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Knife Skills: How to Slice and Dice a Tomato
The first step to great food is great knife skills. Check out more Knife Skills this way!
Alright, alright. Tomato season's wrapping up, so this tutorial is a bit overdue, but there are still plenty of fantastic end-of-the-season tomatoes available (my favorite!), and usually at deep discounts. Even at the Union Square Greenmarket in New York City last weekend, great tomatoes were down to $2.50 a pound. Cheaper than those Canadian hothouse imports at the supermarket!
The real key to slicing tomatoes well is to have an extremely sharp knife. That's 90% of the battle right there. With a knife that's sharp enough, you should be able to simply drop the tomato on the upward-facing blade and have it split neatly in two.
So what if you don't have a perfectly sharp blade? Not to worry. There's a little trick to slicing a tomato with a slightly dull knife. Watch the video to find out.
Peeling tomatoes is necessary for more refined dishes where the papery texture and slightly bitter flavor of the skin are not desirable in the finished product. There are two ways to go about it:
- If you are peeling many tomatoes, start by bringing a full pot of water to a boil. As it's heating, use a sharp chef's knife or paring knife to cut a tiny "X" into the skin of the tomato opposite the stem end. Plunge the tomatoes into the boiling water for 10 seconds, then quickly cool them under cold running water. The skins should slip right off.
- If you are peeling only a few tomatoes, it doesn't make sense to wait for a full pot of water to boil. You can either cut the x the same way, then hold the tomatoes over an open flame using tongs and rotate it until all the skin has separated from the flesh, or you can simply do it all with your sharp knife. Check out the video to see how that's done.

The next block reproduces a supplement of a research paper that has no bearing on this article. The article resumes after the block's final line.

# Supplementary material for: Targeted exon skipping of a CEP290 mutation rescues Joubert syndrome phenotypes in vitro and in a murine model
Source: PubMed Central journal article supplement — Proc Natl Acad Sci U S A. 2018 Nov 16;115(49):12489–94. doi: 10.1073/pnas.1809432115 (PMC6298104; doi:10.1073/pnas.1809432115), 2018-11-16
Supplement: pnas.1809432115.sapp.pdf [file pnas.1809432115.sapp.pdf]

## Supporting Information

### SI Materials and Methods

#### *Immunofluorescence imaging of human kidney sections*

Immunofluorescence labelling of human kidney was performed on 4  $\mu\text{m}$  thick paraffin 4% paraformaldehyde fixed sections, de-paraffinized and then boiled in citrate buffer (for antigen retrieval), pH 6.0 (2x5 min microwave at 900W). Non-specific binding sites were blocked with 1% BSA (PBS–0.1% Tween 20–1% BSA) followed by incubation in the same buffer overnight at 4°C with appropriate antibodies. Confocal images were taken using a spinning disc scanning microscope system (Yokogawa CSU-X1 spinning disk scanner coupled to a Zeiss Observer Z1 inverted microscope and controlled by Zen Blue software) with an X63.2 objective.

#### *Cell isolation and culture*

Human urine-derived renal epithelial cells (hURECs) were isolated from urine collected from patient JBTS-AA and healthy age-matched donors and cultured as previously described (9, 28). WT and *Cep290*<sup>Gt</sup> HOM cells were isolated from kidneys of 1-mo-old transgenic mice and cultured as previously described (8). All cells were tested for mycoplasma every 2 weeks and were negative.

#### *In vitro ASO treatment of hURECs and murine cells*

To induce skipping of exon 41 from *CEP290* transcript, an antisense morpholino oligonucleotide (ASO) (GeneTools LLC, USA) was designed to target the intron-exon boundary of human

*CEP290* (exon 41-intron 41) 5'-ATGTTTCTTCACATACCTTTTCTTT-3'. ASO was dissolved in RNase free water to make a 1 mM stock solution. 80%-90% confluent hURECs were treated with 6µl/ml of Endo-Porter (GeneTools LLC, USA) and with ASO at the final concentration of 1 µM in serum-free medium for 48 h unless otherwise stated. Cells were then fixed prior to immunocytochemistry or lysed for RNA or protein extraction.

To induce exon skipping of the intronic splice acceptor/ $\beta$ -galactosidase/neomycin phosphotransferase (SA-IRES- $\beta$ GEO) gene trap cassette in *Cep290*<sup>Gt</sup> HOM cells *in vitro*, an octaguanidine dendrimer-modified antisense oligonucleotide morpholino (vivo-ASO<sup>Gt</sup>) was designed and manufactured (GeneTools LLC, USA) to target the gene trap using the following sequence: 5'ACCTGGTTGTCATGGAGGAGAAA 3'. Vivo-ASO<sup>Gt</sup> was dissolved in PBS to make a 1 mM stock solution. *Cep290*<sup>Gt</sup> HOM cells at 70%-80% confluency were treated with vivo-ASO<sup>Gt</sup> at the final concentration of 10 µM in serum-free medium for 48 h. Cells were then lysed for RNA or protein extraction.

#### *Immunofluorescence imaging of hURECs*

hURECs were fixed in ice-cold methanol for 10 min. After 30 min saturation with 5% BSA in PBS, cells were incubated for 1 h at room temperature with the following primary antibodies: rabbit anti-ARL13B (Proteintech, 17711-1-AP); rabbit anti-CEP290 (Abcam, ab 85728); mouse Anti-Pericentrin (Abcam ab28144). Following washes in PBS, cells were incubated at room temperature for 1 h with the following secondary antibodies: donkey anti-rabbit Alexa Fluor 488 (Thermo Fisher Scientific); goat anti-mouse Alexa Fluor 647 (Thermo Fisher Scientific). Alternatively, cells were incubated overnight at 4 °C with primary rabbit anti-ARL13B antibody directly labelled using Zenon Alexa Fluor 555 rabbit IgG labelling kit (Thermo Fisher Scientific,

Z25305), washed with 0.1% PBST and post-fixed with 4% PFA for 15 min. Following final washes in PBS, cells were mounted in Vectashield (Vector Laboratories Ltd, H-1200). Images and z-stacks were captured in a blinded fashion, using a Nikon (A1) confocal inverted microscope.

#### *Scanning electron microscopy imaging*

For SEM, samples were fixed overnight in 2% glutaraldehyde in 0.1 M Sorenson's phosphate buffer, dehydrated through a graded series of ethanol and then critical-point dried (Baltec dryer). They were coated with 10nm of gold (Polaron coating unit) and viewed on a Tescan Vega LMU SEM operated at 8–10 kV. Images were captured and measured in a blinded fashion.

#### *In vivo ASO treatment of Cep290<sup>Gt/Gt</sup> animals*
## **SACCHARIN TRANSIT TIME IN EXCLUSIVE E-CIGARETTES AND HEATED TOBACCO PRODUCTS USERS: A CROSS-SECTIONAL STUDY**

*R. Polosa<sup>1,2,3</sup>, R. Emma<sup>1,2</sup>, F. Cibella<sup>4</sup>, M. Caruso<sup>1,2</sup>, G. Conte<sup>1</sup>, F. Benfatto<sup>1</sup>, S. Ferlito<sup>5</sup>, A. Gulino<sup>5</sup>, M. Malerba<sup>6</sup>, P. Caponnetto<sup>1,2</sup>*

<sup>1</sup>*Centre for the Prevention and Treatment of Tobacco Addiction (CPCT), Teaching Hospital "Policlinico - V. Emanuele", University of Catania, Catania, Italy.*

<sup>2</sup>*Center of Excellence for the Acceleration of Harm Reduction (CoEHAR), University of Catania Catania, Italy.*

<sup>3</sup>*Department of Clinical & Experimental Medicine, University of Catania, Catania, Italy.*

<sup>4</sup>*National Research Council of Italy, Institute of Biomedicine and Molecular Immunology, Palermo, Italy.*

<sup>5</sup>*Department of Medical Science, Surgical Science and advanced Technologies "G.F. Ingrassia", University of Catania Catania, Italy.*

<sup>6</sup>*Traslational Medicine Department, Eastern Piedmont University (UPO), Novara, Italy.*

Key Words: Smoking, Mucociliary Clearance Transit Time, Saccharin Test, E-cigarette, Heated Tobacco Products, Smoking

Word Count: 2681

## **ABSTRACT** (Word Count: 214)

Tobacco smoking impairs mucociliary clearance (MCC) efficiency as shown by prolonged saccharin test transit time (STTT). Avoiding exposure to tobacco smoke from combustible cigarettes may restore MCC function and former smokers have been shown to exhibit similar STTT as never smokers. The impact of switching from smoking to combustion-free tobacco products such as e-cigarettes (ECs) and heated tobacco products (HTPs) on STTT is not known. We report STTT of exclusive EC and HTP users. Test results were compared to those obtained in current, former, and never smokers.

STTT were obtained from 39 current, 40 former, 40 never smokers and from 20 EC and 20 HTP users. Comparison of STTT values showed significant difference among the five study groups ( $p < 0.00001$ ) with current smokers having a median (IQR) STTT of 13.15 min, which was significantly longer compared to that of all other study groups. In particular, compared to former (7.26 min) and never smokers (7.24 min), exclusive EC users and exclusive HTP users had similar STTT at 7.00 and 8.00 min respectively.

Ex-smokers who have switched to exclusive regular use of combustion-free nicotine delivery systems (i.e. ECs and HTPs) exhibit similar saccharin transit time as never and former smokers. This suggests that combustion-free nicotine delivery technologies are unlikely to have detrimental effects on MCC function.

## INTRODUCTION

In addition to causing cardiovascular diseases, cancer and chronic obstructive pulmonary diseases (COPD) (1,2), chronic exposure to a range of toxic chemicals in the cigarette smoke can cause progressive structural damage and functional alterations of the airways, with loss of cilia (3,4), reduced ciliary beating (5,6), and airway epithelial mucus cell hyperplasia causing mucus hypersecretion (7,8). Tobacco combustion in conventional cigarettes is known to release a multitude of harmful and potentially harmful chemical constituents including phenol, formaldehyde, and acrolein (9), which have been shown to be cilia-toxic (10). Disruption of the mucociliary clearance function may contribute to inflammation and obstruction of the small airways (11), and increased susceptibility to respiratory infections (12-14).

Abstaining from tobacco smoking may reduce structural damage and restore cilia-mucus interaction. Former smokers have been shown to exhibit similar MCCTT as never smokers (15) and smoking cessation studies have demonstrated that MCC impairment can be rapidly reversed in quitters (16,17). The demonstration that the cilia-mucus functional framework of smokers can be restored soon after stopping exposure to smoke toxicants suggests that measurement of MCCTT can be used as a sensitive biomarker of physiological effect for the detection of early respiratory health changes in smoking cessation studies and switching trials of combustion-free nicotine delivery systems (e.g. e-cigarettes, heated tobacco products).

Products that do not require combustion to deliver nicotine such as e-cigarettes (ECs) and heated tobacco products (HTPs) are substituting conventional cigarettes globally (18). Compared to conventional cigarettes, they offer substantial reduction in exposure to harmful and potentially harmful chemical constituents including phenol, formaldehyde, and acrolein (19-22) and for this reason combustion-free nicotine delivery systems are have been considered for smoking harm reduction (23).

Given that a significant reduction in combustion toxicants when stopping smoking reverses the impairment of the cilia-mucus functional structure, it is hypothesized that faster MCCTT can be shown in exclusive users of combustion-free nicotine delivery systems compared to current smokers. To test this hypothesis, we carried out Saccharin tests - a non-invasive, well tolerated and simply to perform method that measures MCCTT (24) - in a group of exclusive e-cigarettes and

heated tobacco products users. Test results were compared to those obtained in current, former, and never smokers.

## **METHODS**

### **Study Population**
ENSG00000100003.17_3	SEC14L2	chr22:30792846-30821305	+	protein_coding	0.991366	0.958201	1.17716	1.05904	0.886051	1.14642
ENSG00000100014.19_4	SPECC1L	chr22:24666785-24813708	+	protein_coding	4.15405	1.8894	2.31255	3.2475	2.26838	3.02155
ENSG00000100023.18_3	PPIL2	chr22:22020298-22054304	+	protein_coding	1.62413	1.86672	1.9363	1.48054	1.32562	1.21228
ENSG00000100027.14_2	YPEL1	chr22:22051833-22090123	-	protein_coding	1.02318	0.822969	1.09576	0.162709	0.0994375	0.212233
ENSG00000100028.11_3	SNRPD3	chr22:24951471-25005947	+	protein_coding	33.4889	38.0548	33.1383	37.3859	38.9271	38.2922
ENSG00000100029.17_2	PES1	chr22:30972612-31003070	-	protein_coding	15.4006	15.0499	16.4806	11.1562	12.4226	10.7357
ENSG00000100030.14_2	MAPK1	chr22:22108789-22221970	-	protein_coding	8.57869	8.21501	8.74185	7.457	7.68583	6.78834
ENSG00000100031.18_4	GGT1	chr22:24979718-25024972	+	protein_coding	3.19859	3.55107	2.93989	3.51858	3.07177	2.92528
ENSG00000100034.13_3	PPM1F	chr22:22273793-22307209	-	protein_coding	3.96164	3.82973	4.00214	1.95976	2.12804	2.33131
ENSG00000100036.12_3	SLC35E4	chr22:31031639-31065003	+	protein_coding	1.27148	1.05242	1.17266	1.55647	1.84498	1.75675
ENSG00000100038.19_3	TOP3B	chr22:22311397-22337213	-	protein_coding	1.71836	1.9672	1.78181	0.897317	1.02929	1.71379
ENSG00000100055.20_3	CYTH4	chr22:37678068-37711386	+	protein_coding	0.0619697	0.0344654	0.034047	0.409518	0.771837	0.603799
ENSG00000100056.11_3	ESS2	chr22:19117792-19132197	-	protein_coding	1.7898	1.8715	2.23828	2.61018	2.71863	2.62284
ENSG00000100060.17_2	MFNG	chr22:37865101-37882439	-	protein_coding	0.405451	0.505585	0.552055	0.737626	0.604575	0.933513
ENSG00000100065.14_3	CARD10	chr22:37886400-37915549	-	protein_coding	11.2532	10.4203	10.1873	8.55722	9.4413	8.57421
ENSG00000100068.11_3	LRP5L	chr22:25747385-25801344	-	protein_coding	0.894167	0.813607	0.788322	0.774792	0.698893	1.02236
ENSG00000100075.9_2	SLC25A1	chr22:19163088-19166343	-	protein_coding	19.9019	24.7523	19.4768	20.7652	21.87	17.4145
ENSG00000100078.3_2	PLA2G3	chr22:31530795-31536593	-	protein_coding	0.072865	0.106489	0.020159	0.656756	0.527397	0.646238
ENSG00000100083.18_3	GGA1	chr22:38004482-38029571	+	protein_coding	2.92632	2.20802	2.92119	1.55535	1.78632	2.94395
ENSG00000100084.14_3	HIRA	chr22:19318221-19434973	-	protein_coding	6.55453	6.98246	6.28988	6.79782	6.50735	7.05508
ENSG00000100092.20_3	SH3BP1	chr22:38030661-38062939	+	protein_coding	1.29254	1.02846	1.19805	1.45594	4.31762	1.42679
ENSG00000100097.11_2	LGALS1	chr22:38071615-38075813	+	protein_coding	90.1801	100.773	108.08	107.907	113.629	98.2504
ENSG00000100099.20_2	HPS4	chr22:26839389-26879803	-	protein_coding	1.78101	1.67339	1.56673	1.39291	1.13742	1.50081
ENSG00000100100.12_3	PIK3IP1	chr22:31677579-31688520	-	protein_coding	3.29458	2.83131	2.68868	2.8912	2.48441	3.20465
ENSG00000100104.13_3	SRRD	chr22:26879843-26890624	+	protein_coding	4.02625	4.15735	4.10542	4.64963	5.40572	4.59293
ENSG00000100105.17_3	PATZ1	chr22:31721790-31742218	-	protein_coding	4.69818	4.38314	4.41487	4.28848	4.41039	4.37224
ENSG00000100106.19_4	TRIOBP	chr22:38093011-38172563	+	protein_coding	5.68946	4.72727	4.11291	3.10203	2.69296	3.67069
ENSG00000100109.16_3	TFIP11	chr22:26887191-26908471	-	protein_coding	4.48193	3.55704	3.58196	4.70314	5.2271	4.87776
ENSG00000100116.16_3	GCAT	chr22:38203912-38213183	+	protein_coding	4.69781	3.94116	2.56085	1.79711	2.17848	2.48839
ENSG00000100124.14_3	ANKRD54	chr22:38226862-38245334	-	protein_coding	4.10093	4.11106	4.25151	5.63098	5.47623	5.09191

Shopping and Storage
As with most vegetables, look for tomatoes that seem heavy for their weight, like a water balloon. Fully ripe tomatoes should feel soft and brimming with juices—as if they'll pop if you squeeze them too hard.
Because tomatoes are so delicate, they can't be shipped over long distances when fully ripe. Instead, the tomatoes are picked from the vine when still completely green and treated with ethylene gas during transport. Ethylene is a gas that's naturally produced by vegetables which triggers the ripening process. By introducing it to the green tomatoes, it causes them to turn red prematurely. They may look bright red on the supermarket shelf, but their flavor is still that of an unripe green tomato—even the more expensive "vine-ripe" varieties.
That's why you can't find good tomatoes in the winter. Unless you live in regions where tomatoes grow year round, the only way to get a really good vine-ripened tomatoes is to wait until they grow near enough to you that they can be shipped fully ripened.
Tomatoes should always be stored with the stem-end facing down. It's the most stable position for the tomato, and also helps avoid excess evaporation out of the scar where the stem was removed. Your tomato will last about twice as long in this position.
Finally, never store your tomatoes in the fridge. It destroys an enzyme that improves the flavor of the tomatoes, and causes their texture to become irreversibly mealy (and for that matter, never buy tomatoes that are chilled). Tomatoes should be stored at cool, room temperature. If you need to store part of a tomato, wrap it in plastic and keep it at room temperature. Ripe tomatoes should be consumed within a couple of days of picking (if they can last that long!)